Head coach Tom Coughlin doesn’t seem too concerned.

“He’ll get better. He’ll improve,” Coughlin said. “There are times when it’s tremendous, and other times when it’s not. I’m frustrated like you are in terms of, at that point in time, all the engines have to be going full-speed and not the other way around.”

New York needs to be able to get into the win column this week, as they play host to the Washington Redskins this Sunday.

Philadelphia Eagles – You’ll be hard pressed to find a team in the history of the league that experienced more turnover than Philadelphia this past off-season. Having said that, no one is going to feel sorry for head coach Chip Kelly and company, as they shouldn’t.

Just like most coaches, Kelly has a strong ego, which can be a good or bad thing, depending on how you view it.

During preseason play, Philly’s offense looked like a juggernaut, but that offensive prowess hasn’t carried over thus far. They led the league in points per game (33.2) and yards per game (404.2) in preseason action.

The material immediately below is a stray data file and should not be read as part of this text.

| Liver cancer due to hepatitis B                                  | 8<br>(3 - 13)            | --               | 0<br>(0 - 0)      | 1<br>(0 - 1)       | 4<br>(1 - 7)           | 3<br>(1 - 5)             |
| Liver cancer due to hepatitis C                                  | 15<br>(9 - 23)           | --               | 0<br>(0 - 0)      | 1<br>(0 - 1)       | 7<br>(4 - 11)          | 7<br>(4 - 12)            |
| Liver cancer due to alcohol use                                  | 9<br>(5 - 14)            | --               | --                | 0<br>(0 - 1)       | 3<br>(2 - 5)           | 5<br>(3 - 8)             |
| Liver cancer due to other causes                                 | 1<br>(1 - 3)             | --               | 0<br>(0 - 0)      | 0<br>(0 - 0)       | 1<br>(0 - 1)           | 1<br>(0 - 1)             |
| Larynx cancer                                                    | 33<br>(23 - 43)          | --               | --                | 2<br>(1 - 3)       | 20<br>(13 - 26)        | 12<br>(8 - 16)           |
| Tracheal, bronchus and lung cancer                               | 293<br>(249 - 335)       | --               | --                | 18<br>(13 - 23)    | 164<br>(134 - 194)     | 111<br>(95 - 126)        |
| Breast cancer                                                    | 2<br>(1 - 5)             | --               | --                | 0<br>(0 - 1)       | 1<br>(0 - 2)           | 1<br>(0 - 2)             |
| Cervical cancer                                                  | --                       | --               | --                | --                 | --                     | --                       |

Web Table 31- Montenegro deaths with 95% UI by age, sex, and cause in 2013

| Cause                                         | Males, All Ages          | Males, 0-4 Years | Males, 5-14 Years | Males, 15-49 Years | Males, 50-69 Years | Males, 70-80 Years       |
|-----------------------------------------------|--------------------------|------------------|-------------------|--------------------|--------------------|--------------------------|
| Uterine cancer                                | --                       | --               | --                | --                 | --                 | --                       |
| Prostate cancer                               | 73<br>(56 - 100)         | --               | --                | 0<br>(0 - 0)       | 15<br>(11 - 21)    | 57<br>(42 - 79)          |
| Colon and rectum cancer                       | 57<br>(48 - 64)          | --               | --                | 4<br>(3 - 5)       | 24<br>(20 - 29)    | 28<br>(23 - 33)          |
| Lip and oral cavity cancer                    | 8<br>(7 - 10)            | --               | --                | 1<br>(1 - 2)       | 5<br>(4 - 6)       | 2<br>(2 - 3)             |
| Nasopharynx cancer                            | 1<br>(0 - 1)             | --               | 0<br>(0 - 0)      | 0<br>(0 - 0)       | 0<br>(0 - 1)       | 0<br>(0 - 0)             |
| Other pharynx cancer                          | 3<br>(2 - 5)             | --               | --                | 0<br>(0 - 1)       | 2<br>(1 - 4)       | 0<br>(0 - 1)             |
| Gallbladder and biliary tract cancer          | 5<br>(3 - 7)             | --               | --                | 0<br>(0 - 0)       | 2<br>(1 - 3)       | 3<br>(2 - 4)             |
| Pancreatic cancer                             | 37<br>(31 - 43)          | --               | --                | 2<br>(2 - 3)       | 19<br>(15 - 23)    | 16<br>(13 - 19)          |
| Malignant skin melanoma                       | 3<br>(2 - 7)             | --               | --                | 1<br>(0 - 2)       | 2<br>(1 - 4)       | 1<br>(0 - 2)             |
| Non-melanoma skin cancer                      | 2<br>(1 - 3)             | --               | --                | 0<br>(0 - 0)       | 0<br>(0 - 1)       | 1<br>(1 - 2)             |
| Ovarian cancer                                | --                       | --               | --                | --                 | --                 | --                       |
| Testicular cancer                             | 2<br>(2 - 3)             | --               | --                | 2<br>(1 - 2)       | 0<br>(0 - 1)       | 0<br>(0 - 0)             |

The lack of production now stems from poor offensive line play.

When Philly obtained DeMarco Murray, expectations for the run game skyrocketed. So far things haven’t gone as planned, as Murray has only rushed for 11 yards on 21 carries.

Kelly realizes the line must improve quickly.

“Yeah, very disappointing.  Couldn’t get anything started,” Kelly stressed. “I don’t think the running backs even really had time to assess if there was a hole.  Too much penetration up front. Too many guys in the backfield.”

Their next three opponents are the Jets, Redskins and Saints.

Detroit Lions – Losing in San Diego Week 1 wasn’t a major cause for concern in the Motor City, even if they did blow a 18-point lead in the process. However, falling to the Minnesota Vikings is an eyebrow raiser if you’re a Lions fan.

“They are all tough,” head coach Jim Caldwell said. “There are no easy games in this league. I am concerned about the next game but we cannot do anything about the ones before. We did not play well, but our focus has to be on the next one.”